Scientists’ discovery of the structure of a key part of our chromosomes could improve understanding of how humans age and develop cancer

Scientists from Nanyang Technological University, Singapore (NTU Singapore) have mapped out the molecular structure of a key part of our chromosomes called telomeres, which play a pivotal part in ageing and cancer.

The NTU team discovered that the building blocks of telomeres are stacked in columns like a spring. They also found that the shape of telomeres leaves a part of the DNA exposed and unprotected, leaving it more susceptible to damage than previously thought.

The researchers said that their advance in genetic research would aid in explaining why humans age and develop cancer.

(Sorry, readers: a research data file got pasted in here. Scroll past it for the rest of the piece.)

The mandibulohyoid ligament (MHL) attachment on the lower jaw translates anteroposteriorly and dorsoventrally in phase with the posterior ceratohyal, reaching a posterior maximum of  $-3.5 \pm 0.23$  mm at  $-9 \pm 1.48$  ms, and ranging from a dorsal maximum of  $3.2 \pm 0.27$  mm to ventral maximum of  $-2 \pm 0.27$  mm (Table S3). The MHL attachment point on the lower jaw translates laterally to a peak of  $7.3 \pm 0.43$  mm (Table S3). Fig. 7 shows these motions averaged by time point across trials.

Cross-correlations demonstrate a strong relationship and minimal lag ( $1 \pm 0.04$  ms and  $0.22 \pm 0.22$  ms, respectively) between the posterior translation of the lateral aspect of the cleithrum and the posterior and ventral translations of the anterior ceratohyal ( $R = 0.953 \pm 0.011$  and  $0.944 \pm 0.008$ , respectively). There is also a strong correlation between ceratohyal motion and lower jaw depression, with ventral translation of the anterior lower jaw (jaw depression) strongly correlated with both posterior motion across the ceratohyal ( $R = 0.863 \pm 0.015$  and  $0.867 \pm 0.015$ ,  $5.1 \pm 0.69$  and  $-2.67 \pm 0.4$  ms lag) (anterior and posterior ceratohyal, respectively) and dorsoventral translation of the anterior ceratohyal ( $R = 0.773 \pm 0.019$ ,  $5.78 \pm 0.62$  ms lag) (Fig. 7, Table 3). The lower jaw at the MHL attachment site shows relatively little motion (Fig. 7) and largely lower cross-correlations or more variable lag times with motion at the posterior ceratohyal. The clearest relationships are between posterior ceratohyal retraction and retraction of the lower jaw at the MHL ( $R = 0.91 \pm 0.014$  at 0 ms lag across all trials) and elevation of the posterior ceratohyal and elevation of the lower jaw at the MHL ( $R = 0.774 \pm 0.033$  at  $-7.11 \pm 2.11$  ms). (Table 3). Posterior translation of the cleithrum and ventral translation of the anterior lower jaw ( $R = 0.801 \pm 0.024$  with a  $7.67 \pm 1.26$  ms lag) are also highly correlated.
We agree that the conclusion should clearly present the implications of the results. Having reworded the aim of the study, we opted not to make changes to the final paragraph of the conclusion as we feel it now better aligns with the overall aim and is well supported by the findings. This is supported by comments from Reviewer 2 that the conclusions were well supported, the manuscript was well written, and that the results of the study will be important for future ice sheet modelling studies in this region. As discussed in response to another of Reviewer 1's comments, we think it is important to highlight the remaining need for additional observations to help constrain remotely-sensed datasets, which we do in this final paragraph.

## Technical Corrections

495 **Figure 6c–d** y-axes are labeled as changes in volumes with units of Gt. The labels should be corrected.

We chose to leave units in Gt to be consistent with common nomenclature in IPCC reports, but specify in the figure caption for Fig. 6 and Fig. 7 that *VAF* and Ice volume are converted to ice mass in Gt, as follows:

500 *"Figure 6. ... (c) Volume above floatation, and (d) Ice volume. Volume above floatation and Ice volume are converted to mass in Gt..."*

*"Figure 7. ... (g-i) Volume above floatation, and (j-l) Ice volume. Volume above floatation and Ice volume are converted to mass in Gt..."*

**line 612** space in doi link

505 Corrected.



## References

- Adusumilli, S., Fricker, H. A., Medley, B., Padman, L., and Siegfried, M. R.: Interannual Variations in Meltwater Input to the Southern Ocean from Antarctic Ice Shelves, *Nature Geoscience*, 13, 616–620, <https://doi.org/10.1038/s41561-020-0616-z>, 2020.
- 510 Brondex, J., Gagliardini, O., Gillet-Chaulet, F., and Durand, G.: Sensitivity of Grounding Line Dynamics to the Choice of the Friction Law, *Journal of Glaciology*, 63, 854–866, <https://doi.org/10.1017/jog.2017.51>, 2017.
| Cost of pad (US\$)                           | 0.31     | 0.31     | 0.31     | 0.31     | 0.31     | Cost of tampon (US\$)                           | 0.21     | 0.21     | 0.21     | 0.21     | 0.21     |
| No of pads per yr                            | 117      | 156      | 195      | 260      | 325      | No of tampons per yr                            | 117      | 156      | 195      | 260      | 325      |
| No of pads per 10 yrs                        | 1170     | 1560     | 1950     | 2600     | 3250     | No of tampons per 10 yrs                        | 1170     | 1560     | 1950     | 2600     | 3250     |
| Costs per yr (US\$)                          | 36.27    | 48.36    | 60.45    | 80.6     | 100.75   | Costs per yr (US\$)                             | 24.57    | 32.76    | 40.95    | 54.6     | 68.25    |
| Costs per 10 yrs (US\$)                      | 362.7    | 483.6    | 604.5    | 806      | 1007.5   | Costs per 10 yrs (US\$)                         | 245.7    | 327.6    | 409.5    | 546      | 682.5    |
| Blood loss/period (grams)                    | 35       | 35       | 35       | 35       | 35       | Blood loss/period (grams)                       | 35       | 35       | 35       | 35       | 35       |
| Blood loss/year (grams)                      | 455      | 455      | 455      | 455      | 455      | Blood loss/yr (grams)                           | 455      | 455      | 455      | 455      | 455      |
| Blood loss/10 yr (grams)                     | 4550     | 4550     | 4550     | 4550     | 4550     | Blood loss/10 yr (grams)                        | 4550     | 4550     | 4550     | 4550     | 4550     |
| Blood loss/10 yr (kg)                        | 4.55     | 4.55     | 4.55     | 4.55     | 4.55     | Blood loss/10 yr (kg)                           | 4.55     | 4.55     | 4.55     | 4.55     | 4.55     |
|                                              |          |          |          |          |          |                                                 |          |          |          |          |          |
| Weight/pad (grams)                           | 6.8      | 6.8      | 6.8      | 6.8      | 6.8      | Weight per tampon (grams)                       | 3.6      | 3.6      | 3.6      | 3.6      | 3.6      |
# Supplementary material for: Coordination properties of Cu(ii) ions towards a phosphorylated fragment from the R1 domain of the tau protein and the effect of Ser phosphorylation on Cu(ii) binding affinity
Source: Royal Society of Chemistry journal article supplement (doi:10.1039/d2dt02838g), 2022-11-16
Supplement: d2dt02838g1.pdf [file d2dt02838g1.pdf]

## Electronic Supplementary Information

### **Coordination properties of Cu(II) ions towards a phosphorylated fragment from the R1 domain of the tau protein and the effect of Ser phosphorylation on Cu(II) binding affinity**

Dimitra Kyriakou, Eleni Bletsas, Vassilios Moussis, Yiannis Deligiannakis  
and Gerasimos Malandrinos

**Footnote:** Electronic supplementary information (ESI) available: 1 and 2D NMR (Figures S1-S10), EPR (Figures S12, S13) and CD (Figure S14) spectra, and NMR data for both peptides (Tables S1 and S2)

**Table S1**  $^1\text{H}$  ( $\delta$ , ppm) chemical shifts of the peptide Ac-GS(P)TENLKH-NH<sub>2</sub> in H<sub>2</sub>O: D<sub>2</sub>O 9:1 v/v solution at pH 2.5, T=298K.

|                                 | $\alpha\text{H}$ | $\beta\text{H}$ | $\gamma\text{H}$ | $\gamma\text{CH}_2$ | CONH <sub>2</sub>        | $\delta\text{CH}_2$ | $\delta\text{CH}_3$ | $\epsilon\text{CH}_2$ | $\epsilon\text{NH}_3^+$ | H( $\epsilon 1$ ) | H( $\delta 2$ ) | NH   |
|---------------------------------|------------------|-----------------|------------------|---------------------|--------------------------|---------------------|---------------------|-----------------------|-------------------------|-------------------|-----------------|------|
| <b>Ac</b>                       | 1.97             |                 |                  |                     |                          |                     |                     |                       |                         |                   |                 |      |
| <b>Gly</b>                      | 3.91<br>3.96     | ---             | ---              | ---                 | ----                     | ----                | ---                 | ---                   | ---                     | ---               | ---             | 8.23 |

Telomeres are protective caps at the ends of the DNA molecules that make up our chromosomes. Like the plastic tips on the ends of shoelaces, the telomeres’ function is to cap and protect the ends of the chromosome from damaging themselves by sticking to each other or fraying.

Previously, due to its chemical instability and complex repetitive nature, scientists have struggled to duplicate enough telomeric DNA in the laboratory to be able to use electron microscopes to observe how it is structured.

In their study published this month in the journal Nature, the researchers adapted existing processes to replicate DNA and saw that in telomeres, the nucleosomes, which contain tightly packed strands of DNA (deoxyribonucleic acid), are stacked in columns around chromosomal proteins called histones.

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